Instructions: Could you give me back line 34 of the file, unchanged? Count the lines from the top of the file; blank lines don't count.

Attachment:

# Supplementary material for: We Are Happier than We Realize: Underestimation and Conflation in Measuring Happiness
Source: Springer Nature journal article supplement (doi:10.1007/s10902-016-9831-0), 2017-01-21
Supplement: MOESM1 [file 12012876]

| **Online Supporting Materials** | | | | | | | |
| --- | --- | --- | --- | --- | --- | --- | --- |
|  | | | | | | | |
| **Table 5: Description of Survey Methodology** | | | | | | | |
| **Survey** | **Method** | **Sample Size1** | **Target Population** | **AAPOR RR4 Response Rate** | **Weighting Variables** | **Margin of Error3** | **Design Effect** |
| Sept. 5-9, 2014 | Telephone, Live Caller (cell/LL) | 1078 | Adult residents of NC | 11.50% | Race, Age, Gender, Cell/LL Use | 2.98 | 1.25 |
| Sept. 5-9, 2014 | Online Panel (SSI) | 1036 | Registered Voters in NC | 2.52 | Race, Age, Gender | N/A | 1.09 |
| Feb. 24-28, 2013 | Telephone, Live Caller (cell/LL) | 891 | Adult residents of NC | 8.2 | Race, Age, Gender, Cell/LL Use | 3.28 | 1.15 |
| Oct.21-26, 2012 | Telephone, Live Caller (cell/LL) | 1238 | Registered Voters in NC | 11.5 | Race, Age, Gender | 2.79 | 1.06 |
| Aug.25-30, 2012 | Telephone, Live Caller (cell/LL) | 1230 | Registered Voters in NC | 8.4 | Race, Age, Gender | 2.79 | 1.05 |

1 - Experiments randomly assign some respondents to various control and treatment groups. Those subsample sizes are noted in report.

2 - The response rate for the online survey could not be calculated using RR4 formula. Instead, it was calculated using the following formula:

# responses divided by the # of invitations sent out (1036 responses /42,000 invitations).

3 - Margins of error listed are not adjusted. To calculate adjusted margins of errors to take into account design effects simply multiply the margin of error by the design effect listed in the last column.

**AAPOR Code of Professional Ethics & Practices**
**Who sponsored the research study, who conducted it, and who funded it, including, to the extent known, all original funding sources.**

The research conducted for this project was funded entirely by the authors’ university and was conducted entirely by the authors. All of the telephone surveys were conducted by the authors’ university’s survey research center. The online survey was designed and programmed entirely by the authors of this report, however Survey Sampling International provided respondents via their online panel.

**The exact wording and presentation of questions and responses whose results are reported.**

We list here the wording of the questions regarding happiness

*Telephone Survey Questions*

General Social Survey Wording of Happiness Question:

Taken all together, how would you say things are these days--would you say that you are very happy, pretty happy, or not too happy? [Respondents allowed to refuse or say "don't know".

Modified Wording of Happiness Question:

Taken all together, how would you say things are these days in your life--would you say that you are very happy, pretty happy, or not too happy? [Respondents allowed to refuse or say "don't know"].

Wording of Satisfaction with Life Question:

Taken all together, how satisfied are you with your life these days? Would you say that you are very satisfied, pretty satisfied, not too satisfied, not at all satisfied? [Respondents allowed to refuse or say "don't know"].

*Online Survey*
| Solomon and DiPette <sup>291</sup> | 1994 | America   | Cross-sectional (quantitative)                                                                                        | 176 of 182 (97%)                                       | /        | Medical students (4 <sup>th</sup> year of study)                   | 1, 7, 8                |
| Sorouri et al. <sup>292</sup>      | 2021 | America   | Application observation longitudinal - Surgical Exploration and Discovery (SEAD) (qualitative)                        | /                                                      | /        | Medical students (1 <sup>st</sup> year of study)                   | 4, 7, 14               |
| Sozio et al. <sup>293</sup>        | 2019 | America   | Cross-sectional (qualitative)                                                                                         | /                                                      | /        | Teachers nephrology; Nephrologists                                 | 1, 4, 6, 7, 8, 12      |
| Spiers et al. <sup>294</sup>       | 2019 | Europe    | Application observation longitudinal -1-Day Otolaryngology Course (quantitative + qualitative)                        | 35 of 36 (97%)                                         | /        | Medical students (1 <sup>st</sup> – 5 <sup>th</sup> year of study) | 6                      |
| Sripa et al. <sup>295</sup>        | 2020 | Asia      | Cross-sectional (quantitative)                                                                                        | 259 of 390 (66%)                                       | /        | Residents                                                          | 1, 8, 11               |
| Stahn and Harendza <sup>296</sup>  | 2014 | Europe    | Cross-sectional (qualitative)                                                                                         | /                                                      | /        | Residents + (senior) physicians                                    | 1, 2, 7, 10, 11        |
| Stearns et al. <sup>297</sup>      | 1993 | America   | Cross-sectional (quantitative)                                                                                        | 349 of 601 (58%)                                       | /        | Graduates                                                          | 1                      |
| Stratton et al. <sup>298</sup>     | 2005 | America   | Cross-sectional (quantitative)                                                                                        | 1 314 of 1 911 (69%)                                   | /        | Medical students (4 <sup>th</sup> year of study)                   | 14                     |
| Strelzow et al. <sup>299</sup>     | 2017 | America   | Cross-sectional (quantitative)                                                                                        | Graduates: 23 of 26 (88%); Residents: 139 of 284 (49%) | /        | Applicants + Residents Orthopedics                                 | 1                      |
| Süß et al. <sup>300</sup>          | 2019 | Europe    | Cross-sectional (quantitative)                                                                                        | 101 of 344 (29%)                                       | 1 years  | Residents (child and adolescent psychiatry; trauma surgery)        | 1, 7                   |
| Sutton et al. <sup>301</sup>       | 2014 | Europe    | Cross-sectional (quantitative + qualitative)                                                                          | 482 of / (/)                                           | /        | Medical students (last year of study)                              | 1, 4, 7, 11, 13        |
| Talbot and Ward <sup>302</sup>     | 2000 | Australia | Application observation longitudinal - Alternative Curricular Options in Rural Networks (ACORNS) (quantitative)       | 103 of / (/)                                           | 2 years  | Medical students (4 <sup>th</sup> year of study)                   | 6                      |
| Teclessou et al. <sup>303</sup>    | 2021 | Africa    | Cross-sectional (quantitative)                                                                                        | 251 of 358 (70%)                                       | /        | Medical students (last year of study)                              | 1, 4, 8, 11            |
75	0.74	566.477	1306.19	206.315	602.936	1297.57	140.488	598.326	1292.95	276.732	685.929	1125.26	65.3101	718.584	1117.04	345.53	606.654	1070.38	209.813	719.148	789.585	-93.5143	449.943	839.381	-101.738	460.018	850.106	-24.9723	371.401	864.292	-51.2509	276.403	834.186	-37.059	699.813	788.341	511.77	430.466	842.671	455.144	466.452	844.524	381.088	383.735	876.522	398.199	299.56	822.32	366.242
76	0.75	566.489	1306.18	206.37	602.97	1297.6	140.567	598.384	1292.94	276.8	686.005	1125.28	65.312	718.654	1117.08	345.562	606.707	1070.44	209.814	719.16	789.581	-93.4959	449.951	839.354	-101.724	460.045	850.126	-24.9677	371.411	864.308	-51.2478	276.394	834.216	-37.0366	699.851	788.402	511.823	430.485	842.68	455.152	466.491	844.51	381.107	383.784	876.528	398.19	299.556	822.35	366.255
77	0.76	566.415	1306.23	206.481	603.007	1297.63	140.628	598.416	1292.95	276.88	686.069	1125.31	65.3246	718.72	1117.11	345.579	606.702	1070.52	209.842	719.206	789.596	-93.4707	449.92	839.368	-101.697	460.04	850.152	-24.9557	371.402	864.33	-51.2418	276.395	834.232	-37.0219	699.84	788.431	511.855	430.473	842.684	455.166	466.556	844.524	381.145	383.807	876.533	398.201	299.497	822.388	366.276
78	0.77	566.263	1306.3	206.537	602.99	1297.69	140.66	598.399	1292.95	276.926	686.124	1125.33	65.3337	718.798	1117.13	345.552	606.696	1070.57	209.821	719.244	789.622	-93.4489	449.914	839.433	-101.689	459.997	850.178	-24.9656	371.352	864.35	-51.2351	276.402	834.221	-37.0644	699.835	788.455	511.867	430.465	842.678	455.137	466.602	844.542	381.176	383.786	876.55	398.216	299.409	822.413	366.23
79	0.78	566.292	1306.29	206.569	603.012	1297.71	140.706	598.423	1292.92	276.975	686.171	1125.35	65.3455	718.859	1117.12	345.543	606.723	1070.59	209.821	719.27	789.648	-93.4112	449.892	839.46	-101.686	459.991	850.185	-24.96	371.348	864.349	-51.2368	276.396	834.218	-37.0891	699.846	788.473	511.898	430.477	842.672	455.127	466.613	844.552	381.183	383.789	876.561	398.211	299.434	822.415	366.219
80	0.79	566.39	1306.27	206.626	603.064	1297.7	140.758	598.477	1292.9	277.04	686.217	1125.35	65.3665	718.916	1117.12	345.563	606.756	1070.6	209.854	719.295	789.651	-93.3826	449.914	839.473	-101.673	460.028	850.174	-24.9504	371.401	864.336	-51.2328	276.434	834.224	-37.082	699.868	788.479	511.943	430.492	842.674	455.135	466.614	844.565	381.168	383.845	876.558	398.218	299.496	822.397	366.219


| Spiers et al. <sup>294</sup>       | 2019 | Europe    | Application observation longitudinal -1-Day Otolaryngology Course (quantitative + qualitative)                        | 35 of 36 (97%)                                         | /        | Medical students (1 <sup>st</sup> – 5 <sup>th</sup> year of study) | 6                      |